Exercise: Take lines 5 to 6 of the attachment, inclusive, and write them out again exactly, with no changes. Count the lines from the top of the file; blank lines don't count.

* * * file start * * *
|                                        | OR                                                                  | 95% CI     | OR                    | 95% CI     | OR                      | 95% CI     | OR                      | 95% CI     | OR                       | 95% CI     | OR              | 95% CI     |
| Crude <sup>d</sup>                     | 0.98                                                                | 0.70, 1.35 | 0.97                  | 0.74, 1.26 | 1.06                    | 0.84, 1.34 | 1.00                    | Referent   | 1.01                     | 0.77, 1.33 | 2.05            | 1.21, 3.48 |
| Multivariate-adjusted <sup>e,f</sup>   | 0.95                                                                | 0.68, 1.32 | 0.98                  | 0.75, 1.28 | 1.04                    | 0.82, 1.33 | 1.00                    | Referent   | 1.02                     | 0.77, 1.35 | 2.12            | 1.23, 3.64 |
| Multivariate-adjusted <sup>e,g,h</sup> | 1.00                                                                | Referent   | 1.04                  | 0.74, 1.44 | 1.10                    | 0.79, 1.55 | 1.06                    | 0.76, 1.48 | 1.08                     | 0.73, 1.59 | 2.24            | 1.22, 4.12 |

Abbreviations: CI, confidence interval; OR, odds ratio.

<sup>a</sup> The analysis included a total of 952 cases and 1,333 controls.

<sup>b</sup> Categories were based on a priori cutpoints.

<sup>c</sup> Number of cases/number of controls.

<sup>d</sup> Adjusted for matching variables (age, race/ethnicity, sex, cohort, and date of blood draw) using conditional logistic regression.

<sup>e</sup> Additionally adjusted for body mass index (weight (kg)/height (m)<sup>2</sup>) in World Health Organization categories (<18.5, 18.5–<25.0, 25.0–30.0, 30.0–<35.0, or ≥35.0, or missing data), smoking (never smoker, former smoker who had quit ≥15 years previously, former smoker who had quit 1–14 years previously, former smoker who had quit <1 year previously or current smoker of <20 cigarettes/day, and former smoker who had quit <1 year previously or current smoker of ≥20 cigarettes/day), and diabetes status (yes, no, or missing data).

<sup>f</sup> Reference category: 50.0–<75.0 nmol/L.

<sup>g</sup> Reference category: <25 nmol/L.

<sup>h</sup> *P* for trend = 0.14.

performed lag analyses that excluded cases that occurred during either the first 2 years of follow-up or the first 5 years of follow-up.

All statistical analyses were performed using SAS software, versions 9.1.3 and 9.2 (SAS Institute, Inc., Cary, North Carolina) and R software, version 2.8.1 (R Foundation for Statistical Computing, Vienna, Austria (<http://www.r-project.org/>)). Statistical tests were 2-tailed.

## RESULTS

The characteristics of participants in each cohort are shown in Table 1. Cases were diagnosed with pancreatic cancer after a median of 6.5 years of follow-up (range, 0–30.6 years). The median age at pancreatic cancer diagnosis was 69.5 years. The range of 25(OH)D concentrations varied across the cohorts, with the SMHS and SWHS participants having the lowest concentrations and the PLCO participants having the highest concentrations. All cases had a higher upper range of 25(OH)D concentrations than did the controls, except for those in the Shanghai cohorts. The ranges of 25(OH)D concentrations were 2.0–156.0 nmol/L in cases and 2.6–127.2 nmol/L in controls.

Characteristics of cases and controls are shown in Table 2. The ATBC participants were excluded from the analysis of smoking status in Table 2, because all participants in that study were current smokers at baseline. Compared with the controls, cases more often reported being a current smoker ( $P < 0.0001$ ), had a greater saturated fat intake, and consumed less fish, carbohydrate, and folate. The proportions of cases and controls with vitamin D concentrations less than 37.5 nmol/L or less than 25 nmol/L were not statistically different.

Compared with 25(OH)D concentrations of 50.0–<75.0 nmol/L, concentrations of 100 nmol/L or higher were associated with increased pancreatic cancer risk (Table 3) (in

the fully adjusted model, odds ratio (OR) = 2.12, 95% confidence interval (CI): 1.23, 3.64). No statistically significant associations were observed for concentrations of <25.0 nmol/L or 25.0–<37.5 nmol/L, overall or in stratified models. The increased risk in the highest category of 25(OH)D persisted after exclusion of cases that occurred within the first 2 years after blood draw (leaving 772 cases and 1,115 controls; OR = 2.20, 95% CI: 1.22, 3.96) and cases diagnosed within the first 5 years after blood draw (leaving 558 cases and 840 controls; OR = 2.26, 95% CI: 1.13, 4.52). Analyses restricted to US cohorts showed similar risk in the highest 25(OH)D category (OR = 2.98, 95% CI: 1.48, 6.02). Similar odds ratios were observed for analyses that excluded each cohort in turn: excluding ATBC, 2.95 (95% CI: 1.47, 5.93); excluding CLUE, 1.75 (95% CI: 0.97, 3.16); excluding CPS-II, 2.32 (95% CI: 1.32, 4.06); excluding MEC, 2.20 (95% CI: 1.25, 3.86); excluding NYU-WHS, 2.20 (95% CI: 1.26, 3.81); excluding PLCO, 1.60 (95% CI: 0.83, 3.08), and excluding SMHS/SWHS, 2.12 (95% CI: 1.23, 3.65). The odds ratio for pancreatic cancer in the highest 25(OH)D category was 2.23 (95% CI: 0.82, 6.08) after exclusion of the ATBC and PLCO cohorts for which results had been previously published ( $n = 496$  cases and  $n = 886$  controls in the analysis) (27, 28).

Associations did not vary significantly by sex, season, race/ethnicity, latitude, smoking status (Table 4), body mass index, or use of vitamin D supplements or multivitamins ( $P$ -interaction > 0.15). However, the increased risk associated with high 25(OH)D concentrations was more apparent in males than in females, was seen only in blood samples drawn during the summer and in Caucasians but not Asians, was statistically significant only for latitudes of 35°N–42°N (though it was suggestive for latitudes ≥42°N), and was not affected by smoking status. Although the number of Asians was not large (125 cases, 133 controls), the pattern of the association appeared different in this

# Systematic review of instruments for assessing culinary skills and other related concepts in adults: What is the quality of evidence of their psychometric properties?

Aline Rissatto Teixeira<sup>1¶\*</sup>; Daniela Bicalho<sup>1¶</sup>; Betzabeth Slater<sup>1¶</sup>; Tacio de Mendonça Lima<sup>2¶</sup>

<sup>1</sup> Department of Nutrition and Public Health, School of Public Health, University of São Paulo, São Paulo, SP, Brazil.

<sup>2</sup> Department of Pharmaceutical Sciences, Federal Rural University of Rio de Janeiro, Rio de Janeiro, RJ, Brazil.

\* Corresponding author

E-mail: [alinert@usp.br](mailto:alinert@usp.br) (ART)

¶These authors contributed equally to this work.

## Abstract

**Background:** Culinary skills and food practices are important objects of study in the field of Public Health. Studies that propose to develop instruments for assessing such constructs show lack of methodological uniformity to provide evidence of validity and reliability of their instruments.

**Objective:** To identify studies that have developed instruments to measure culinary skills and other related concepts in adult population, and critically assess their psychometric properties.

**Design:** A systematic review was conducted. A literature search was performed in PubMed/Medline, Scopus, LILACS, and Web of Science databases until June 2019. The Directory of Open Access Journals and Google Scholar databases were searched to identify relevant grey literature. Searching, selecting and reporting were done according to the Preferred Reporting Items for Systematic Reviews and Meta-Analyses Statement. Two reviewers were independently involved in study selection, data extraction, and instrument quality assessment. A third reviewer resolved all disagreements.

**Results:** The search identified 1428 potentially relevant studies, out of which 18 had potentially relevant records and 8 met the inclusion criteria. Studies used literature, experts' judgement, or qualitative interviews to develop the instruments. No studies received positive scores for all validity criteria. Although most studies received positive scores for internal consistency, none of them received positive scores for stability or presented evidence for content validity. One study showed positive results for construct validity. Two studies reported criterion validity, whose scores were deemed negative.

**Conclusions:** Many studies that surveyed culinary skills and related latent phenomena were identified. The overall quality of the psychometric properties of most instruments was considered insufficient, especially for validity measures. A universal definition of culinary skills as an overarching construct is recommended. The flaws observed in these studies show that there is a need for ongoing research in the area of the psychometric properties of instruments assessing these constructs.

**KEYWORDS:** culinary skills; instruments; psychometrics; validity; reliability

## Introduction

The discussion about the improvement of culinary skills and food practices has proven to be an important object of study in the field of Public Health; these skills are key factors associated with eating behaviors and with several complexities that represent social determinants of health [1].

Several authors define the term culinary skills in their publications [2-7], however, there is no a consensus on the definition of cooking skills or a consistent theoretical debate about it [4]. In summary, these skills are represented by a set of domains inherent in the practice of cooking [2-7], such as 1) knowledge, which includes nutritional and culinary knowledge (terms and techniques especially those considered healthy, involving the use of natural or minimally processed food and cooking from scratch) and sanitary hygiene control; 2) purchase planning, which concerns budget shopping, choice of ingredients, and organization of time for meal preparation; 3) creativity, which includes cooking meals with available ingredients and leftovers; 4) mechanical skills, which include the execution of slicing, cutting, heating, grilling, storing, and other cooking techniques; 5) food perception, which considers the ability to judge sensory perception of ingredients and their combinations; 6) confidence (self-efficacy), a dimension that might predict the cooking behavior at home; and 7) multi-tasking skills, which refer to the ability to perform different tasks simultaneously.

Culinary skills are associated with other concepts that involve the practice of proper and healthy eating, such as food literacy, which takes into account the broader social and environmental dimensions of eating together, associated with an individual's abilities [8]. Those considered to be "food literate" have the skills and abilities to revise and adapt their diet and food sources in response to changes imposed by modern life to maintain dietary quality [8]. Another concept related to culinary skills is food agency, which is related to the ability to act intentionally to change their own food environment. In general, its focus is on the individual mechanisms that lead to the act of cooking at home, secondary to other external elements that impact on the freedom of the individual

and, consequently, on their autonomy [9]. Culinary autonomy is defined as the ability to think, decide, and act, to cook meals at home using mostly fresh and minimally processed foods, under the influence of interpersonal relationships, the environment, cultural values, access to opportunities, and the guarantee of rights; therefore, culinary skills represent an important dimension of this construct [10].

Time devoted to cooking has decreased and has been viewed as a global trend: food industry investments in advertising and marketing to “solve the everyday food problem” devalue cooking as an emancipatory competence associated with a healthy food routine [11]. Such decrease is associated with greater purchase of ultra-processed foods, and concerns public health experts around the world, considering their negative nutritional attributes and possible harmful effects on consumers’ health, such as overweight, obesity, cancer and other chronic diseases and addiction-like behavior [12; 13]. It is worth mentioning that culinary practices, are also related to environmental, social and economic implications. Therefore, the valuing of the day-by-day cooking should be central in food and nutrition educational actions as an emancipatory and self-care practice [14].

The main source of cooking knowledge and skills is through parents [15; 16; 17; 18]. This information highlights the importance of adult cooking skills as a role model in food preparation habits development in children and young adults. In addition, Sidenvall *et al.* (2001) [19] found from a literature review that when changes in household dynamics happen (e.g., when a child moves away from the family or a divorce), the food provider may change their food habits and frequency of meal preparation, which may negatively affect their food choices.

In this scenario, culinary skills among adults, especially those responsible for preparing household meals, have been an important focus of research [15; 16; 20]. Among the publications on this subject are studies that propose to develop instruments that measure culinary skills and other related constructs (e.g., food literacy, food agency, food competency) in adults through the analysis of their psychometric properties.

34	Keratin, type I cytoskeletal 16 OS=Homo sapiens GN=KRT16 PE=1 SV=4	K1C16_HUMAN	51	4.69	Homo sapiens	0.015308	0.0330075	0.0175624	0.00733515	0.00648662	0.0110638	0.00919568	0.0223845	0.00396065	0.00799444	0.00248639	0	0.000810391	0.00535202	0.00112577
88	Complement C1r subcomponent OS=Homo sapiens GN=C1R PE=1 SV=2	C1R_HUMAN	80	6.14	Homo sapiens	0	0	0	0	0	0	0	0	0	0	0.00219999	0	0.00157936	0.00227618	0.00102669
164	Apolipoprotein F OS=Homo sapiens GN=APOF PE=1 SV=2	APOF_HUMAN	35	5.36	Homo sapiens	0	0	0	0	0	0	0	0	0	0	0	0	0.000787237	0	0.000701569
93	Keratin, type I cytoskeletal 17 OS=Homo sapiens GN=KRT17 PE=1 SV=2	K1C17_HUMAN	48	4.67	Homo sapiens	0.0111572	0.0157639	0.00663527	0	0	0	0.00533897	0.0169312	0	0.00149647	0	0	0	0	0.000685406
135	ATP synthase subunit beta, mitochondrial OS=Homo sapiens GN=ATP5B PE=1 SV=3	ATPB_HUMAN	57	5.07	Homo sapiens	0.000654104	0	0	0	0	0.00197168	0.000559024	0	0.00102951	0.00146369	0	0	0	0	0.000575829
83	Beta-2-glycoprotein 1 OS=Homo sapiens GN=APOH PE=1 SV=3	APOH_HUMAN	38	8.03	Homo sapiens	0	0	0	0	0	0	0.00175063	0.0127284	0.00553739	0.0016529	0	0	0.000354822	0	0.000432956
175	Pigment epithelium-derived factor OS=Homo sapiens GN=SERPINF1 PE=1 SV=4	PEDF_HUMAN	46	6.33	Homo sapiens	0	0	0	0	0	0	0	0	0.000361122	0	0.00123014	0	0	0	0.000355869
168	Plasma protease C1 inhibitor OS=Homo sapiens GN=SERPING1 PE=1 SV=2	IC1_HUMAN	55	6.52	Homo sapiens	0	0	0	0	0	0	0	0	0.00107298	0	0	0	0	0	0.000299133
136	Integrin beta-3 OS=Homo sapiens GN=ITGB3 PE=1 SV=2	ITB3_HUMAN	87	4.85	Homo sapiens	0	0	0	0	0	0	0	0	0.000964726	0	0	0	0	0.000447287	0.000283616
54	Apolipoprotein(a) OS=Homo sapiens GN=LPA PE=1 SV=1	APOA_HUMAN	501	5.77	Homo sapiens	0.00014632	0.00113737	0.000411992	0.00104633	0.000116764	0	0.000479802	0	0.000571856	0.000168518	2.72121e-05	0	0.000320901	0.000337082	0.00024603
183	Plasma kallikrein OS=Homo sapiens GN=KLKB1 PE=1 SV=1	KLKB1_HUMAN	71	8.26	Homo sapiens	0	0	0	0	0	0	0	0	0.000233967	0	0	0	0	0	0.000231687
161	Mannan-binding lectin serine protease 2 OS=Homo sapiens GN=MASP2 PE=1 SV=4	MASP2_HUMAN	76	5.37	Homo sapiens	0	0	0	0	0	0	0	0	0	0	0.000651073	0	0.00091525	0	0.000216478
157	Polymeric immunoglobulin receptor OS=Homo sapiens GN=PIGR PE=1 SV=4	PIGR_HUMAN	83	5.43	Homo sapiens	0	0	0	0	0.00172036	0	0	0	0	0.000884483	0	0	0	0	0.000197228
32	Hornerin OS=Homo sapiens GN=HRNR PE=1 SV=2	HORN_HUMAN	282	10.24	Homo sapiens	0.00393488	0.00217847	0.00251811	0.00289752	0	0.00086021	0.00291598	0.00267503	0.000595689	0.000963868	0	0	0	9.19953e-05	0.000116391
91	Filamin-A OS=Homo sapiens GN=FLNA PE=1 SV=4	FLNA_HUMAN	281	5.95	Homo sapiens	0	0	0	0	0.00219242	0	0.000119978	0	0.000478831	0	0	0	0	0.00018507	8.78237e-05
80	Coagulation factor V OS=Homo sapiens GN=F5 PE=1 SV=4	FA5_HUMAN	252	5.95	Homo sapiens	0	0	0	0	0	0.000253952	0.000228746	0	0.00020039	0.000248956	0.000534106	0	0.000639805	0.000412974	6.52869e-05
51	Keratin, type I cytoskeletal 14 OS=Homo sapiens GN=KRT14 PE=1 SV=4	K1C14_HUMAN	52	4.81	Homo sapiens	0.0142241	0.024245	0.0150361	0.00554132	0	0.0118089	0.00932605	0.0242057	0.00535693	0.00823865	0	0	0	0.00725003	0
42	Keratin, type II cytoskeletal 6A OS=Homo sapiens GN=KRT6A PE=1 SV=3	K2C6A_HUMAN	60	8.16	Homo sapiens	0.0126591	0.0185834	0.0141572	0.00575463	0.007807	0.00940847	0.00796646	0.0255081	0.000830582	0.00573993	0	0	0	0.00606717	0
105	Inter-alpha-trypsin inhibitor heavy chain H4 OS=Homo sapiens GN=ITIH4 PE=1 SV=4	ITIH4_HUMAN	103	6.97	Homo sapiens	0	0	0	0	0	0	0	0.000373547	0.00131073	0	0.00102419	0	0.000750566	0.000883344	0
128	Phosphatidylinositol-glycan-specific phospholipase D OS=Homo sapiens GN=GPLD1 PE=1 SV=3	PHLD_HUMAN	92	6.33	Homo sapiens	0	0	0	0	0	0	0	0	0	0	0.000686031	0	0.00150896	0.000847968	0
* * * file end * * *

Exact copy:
Abbreviations: CI, confidence interval; OR, odds ratio.

<sup>a</sup> The analysis included a total of 952 cases and 1,333 controls.